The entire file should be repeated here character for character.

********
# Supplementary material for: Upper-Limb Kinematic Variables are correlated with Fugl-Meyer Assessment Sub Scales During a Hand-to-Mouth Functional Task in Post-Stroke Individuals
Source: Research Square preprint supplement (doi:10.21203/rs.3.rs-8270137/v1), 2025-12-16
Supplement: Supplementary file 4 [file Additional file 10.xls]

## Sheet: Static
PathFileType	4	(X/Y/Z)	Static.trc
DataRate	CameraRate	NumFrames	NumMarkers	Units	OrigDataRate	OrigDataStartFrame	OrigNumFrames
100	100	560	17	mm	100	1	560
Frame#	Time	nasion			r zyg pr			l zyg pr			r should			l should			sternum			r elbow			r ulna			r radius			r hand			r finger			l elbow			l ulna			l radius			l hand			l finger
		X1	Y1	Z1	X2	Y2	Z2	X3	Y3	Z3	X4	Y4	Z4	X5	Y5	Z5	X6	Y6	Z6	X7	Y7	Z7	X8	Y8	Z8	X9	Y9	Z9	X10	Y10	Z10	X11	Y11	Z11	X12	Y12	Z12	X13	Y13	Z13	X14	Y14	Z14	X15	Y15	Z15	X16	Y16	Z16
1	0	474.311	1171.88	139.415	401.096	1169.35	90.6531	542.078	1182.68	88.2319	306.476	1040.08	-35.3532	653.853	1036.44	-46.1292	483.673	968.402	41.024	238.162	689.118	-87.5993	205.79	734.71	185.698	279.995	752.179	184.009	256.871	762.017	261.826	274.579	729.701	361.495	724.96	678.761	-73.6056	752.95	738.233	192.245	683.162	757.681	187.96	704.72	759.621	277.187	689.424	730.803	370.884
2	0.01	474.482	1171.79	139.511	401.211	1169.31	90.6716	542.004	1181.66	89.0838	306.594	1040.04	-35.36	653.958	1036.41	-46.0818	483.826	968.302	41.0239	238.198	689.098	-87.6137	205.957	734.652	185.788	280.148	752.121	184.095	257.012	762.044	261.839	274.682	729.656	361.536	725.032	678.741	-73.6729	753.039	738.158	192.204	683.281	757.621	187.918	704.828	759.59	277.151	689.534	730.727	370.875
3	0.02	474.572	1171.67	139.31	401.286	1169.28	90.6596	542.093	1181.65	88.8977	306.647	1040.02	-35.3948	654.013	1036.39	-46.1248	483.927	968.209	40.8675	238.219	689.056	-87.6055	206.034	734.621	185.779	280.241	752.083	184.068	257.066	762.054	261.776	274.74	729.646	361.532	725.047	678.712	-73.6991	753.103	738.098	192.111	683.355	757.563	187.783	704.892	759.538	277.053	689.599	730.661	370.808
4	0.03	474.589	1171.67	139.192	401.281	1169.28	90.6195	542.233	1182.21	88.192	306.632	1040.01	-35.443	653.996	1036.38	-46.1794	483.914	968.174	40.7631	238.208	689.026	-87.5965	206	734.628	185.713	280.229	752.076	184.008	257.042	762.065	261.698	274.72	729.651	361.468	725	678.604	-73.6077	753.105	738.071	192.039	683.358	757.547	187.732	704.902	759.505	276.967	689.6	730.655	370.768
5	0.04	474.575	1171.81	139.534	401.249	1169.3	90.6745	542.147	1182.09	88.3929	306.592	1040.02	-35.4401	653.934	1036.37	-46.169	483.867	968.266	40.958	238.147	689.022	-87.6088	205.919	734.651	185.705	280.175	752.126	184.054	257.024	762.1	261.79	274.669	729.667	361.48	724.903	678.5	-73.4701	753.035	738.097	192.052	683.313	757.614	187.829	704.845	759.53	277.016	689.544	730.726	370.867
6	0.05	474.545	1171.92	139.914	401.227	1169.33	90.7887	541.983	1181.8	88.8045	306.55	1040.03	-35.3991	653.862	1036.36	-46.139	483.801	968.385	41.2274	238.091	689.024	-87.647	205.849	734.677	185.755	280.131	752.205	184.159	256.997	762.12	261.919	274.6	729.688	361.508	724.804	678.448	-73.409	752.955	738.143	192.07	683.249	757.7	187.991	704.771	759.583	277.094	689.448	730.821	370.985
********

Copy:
# Supplementary material for: Upper-Limb Kinematic Variables are correlated with Fugl-Meyer Assessment Sub Scales During a Hand-to-Mouth Functional Task in Post-Stroke Individuals
Source: Research Square preprint supplement (doi:10.21203/rs.3.rs-8270137/v1), 2025-12-16
Supplement: Supplementary file 4 [file Additional file 10.xls]

## Sheet: Static
PathFileType	4	(X/Y/Z)	Static.trc
DataRate	CameraRate	NumFrames	NumMarkers	Units	OrigDataRate	OrigDataStartFrame	OrigNumFrames
100	100	560	17	mm	100	1	560
Frame#	Time	nasion			r zyg pr			l zyg pr			r should			l should			sternum			r elbow			r ulna			r radius			r hand			r finger			l elbow			l ulna			l radius			l hand			l finger
		X1	Y1	Z1	X2	Y2	Z2	X3	Y3	Z3	X4	Y4	Z4	X5	Y5	Z5	X6	Y6	Z6	X7	Y7	Z7	X8	Y8	Z8	X9	Y9	Z9	X10	Y10	Z10	X11	Y11	Z11	X12	Y12	Z12	X13	Y13	Z13	X14	Y14	Z14	X15	Y15	Z15	X16	Y16	Z16
1	0	474.311	1171.88	139.415	401.096	1169.35	90.6531	542.078	1182.68	88.2319	306.476	1040.08	-35.3532	653.853	1036.44	-46.1292	483.673	968.402	41.024	238.162	689.118	-87.5993	205.79	734.71	185.698	279.995	752.179	184.009	256.871	762.017	261.826	274.579	729.701	361.495	724.96	678.761	-73.6056	752.95	738.233	192.245	683.162	757.681	187.96	704.72	759.621	277.187	689.424	730.803	370.884
2	0.01	474.482	1171.79	139.511	401.211	1169.31	90.6716	542.004	1181.66	89.0838	306.594	1040.04	-35.36	653.958	1036.41	-46.0818	483.826	968.302	41.0239	238.198	689.098	-87.6137	205.957	734.652	185.788	280.148	752.121	184.095	257.012	762.044	261.839	274.682	729.656	361.536	725.032	678.741	-73.6729	753.039	738.158	192.204	683.281	757.621	187.918	704.828	759.59	277.151	689.534	730.727	370.875
3	0.02	474.572	1171.67	139.31	401.286	1169.28	90.6596	542.093	1181.65	88.8977	306.647	1040.02	-35.3948	654.013	1036.39	-46.1248	483.927	968.209	40.8675	238.219	689.056	-87.6055	206.034	734.621	185.779	280.241	752.083	184.068	257.066	762.054	261.776	274.74	729.646	361.532	725.047	678.712	-73.6991	753.103	738.098	192.111	683.355	757.563	187.783	704.892	759.538	277.053	689.599	730.661	370.808
4	0.03	474.589	1171.67	139.192	401.281	1169.28	90.6195	542.233	1182.21	88.192	306.632	1040.01	-35.443	653.996	1036.38	-46.1794	483.914	968.174	40.7631	238.208	689.026	-87.5965	206	734.628	185.713	280.229	752.076	184.008	257.042	762.065	261.698	274.72	729.651	361.468	725	678.604	-73.6077	753.105	738.071	192.039	683.358	757.547	187.732	704.902	759.505	276.967	689.6	730.655	370.768
5	0.04	474.575	1171.81	139.534	401.249	1169.3	90.6745	542.147	1182.09	88.3929	306.592	1040.02	-35.4401	653.934	1036.37	-46.169	483.867	968.266	40.958	238.147	689.022	-87.6088	205.919	734.651	185.705	280.175	752.126	184.054	257.024	762.1	261.79	274.669	729.667	361.48	724.903	678.5	-73.4701	753.035	738.097	192.052	683.313	757.614	187.829	704.845	759.53	277.016	689.544	730.726	370.867
6	0.05	474.545	1171.92	139.914	401.227	1169.33	90.7887	541.983	1181.8	88.8045	306.55	1040.03	-35.3991	653.862	1036.36	-46.139	483.801	968.385	41.2274	238.091	689.024	-87.647	205.849	734.677	185.755	280.131	752.205	184.159	256.997	762.12	261.919	274.6	729.688	361.508	724.804	678.448	-73.409	752.955	738.143	192.07	683.249	757.7	187.991	704.771	759.583	277.094	689.448	730.821	370.985